After the war, squash continued to increase in popularity. But then, another disaster. The Bath Club, which had been host to the Amateur Championships, was destroyed in a fire. The Championships were moved to Landsdowne Club, where the courts were warmed and faster. Thus Dunlop developed a much less bouncy ball to counteract this effect. Although other manufacturers continued to make balls, Dunlop had now stolen much of the market and remains the primary producer of squash balls.
Anyone who has seen a squash ball before will have noted the two yellow dots, like cat’s eyes, peering up from the black surface of the ball. Further investigation will reveal other balls with different numbers of dots and different colorations. In the 1970s, Dunlop introduced a system of marking different balls, indicating their degree of bounciness with the colored dots. Squash ball connoisseurs know that a blue dot ball bounces more than a single yellow dot ball, which in turn bounces more than a double yellow dot ball (the standard tournament ball is the least bouncy). Thus beginners, myself included, start with blue, then red, then yellow, until they have finally matured enough to use the prestigious double-yellow-dotted ball.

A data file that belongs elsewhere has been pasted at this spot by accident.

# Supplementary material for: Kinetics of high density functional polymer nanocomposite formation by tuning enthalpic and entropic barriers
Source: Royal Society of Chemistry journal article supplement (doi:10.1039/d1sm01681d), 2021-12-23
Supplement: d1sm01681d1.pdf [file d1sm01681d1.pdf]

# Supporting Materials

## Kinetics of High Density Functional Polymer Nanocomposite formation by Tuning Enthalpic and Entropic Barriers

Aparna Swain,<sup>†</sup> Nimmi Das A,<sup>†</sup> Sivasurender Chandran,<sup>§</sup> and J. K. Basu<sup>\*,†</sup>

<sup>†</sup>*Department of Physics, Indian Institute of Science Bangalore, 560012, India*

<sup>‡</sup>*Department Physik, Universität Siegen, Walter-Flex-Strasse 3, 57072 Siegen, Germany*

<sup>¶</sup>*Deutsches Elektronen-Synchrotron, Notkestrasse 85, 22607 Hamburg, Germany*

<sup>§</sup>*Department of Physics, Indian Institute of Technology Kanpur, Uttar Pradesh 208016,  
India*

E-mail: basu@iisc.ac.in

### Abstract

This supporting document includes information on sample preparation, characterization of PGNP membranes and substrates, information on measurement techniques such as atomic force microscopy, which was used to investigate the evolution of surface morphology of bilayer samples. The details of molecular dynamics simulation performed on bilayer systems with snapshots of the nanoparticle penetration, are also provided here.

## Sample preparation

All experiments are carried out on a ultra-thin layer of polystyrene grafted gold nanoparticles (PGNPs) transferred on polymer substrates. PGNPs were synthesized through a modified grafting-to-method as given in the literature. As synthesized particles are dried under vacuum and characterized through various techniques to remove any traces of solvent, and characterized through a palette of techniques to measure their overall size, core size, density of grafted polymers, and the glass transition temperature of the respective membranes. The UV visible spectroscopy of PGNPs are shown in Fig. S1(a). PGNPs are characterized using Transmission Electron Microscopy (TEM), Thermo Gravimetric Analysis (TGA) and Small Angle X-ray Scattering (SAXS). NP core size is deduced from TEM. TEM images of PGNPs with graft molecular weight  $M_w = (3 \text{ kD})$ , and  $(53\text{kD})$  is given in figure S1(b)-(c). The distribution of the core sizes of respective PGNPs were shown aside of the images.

Much like predecessors who spoke of their “secret recipes” for making balls, Dunlop guards the ball’s identity like a dragon in a treasure-filled cave. When I hold a Dunlop ball in my hand, ready to serve, I know that I am holding an object that has been to several countries and many different stages of development. But where exactly has it been and how was it made?